Tag Archives: drone war Yemen

Who is Selling Weapons to Yemen

As Yemen’s formal economy collapses, a war economy has taken its place. For a fee, any truck can pass checkpoints without inspection, no matter what it carries. Weapons-smuggling is rife; particularly, says a diplomat, of Saudi-supplied arms. So cheap and plentiful are hand-grenades that Yemenis throw them to celebrate weddings. Sheikhs offer their tribesmen as fighters for neighbouring countries willing to pay for regional influence….

Outsiders have added greatly to the fragmentation of Yemen. Iran has long backed the Houthis with weapons, but ideas are just as lethal an export…Saudi Arabia countered by exporting its own Wahhabi version of Sunni Islam. Radical preachers, such as Muqbil al-Waddai, opened retreats in the desert, where at prayer-time trainees bowed down to Kalashnikovs laid in front of them. With Sunnis concentrated on the coast and in the east, and Shias predominating in the highlands of the north-west, their rival creeds prised the country apart.

Such are the animosities that Yemen, stitched together in 1990, is now disintegrating. The south seethes at the northern bullies who bombarded their roads and sniped at their citizens when they briefly conquered Aden in the early months of the war. The north decries the southern traitors who invited Saudi and Emirati forces to drop bombs on them and isolate them by land, air and sea after the outsiders joined the war in March 2015…

Reluctant to take risks, Saudi pilots fly high, out of range of anti-aircraft fire. That spares Saudi lives, but imprecise bombing increases Yemeni civilian casualties. The UN says over 7,000 Yemenis have been killed in the two years of war. Hospitals were attacked 18 times in 2016.

Hunger is also taking a toll. Yemen imports 90% of its food, so the warring parties control its supply as yet another weapon. Without electricity to keep it cool, much of what gets through perishes. Of some 27m Yemenis, 7m are going hungry, says the UN, almost double the figure in January. Some 3m people have fled their homes, but of Yemen’s neighbours, only Djibouti accepts refugees. Yemen, says the UN, is the world’s largest humanitarian crisis.

Saudi Arabia insists all this is a price worth paying for reinstating the president the Houthis chased out of the capital in 2015…Vowing to push Iran back, the new Saudi king’s impulsive son and defence minister, Muhammad bin Salman, saw a chance to prove his mettle.

But even if the diagnosis was accurate, the prince’s response has been fatally flawed. War has only exacerbated the manageable threat that Saudi Arabia faced at the start. No matter how often its loyal press report victorious advances, the front lines have in fact changed very little. But Saudi Arabia now looks more vulnerable and Iran looms larger than ever. The Houthis mount regular raids dozens of kilometres into Saudi Arabia, often unopposed. Missiles land as far north as Riyadh, most recently striking an airbase there on March 18th, and disable coalition naval vessels in the Red Sea. Scores of Saudi and UAE tanks have been struck. As always, al-Qaeda and Islamic State fill the copious ungoverned spaces, perhaps offering a refuge for fighters fleeing Iraq and Syria. As a war it predicted would quickly end enters its third year, Saudi Arabia seems without an exit strategy. “Yemen [is] in danger of fracturing beyond the point of no return,” said a recent UN report.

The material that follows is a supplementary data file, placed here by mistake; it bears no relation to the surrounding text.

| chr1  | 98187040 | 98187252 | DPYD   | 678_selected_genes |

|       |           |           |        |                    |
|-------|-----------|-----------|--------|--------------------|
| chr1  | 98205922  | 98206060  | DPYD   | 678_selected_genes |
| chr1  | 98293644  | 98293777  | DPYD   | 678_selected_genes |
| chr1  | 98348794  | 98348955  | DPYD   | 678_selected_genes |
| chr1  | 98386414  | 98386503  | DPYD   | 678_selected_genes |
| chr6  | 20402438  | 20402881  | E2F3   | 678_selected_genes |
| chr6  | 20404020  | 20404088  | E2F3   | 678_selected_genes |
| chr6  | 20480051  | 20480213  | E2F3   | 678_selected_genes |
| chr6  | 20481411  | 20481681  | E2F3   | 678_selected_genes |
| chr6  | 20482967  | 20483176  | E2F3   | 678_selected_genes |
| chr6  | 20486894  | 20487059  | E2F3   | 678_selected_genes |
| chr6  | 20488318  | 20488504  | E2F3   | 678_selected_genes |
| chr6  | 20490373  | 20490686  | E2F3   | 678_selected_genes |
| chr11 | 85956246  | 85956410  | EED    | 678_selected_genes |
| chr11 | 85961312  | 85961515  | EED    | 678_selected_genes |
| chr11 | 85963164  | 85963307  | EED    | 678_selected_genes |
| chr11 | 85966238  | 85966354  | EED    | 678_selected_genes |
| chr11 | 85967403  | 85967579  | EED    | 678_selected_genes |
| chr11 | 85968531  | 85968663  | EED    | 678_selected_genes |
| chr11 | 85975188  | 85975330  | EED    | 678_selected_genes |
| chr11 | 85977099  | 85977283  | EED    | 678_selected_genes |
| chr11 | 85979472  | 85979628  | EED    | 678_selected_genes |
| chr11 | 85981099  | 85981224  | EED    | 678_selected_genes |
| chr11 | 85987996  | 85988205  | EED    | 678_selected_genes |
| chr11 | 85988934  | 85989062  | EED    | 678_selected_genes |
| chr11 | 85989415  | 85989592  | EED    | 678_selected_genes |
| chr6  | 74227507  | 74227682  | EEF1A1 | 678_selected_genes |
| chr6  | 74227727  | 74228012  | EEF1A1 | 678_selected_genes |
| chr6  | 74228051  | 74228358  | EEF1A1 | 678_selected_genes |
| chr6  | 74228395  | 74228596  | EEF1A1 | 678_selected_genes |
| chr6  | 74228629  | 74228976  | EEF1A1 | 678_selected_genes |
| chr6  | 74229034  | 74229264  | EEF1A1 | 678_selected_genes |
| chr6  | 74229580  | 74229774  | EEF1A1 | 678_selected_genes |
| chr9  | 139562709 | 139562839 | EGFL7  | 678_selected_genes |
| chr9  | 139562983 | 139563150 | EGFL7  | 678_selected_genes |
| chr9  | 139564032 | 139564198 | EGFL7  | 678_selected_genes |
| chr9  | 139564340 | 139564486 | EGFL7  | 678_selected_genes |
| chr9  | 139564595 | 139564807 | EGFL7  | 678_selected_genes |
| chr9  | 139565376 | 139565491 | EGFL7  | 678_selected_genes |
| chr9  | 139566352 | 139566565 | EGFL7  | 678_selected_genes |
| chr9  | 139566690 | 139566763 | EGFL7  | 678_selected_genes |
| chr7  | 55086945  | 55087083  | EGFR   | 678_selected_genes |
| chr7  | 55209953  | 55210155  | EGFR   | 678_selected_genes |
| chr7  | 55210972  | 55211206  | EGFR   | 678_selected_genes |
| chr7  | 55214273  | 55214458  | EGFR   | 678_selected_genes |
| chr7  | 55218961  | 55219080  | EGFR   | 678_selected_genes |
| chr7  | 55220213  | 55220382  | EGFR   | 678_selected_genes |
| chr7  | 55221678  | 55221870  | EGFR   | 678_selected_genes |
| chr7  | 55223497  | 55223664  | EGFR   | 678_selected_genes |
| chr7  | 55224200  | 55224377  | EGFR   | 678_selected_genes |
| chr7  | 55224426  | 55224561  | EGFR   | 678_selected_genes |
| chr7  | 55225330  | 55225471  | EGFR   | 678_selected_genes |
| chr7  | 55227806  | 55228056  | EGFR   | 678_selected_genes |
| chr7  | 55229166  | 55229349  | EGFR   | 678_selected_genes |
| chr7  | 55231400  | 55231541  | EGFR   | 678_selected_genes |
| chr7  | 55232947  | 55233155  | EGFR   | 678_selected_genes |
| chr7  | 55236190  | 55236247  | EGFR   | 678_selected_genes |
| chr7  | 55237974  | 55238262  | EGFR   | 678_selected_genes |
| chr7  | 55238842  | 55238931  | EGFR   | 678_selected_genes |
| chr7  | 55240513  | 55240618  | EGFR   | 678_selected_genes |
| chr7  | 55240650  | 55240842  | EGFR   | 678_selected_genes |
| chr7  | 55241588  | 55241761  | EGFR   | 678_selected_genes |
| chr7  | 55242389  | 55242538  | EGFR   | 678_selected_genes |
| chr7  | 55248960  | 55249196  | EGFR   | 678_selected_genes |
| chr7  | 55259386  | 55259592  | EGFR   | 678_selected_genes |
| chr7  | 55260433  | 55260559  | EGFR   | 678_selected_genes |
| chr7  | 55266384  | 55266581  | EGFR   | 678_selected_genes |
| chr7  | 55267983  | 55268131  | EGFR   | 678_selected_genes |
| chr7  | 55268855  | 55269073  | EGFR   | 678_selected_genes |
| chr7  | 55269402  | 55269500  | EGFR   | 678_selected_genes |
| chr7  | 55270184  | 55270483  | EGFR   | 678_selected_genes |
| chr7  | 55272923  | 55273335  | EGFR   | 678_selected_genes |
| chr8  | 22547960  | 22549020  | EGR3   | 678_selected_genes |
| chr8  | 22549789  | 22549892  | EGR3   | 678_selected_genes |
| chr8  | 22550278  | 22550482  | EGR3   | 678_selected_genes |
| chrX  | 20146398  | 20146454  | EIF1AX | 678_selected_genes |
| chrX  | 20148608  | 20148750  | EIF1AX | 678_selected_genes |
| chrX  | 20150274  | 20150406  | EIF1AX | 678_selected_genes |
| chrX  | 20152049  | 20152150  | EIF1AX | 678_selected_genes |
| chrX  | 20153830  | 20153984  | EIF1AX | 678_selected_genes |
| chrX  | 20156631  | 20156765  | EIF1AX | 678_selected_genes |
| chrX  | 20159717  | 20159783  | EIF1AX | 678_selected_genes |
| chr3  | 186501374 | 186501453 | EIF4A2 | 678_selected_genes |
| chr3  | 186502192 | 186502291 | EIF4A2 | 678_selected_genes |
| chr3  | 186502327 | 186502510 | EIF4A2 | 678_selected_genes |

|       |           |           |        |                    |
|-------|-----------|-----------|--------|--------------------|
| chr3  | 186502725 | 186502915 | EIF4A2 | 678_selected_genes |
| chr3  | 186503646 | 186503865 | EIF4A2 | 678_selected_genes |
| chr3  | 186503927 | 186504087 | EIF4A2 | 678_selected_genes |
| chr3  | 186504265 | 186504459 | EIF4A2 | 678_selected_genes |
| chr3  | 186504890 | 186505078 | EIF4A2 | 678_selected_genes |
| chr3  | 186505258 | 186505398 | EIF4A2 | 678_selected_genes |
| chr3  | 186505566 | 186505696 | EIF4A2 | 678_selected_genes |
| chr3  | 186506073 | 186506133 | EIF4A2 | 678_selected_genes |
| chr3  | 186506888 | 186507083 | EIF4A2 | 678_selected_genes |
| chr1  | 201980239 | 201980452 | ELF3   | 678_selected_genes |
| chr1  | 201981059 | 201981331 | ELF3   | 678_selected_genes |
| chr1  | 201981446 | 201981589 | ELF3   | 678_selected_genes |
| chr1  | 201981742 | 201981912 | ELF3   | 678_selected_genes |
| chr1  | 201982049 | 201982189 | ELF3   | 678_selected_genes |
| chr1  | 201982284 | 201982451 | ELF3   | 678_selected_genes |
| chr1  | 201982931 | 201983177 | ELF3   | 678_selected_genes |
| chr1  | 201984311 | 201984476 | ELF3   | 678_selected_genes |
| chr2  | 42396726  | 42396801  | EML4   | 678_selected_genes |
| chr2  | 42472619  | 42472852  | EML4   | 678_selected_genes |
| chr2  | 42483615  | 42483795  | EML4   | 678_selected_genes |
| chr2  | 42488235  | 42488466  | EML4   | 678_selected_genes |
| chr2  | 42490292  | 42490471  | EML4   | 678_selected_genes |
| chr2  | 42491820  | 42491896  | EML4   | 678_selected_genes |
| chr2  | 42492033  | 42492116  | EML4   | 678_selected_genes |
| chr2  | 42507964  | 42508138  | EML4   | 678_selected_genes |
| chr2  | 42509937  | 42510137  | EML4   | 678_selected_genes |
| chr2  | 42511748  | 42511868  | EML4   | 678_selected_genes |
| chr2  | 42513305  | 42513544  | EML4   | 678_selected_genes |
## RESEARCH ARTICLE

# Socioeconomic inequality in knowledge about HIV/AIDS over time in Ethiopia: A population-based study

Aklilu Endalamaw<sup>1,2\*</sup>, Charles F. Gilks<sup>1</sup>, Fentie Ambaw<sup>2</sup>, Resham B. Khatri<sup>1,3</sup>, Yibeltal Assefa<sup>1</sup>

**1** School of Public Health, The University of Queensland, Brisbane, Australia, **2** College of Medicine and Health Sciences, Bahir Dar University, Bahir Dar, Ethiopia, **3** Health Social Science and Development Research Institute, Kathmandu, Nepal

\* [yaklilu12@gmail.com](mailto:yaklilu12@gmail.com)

All permanent members of the UN Security Council are against the war, but they are all ready to sell Yemen for arms,” says an ex-UN official who worked on Yemen. By night Saudi Arabia launches American-made Reaper combat drones from an American base in Djibouti. In order to buy silence, King Salman promised China $65bn of investment on a visit this month….

Beggar thy neighbourYemen’s war enters its third bloody year, Economist, Mar. 25, 2017

The Train Wreck of Yemen – War

Secret files held by Yemeni security forces that contain details of American intelligence operations in the country have been looted by Iran-backed militia leaders, exposing names of confidential informants and plans for U.S.-backed counter-terrorism strikes, U.S. officials say.U.S. intelligence officials believe additional files were handed directly to Iranian advisors by Yemeni officials who have sided with the Houthi militias that seized control of Sana, the capital, in September 2014, which led the U.S.-backed president to flee to Aden…. President Obama had hailed Yemen last fall as a model for counter-terrorism operations elsewhere….

Houthi leaders in Sana took over the offices of Yemen’s National Security Bureau, which had worked closely with the CIA and other intelligence agencies, according to two U.S. officials who spoke on the condition of anonymity to discuss sensitive operations.

The loss of the intelligence networks, in addition to the escalating conflict, contributed to the Obama administration’s decision to halt drone strikes in Yemen for two months, to vacate the U.S. Embassy in Sana last month and to evacuate U.S. special operations and intelligence teams from a Yemeni air base over the weekend.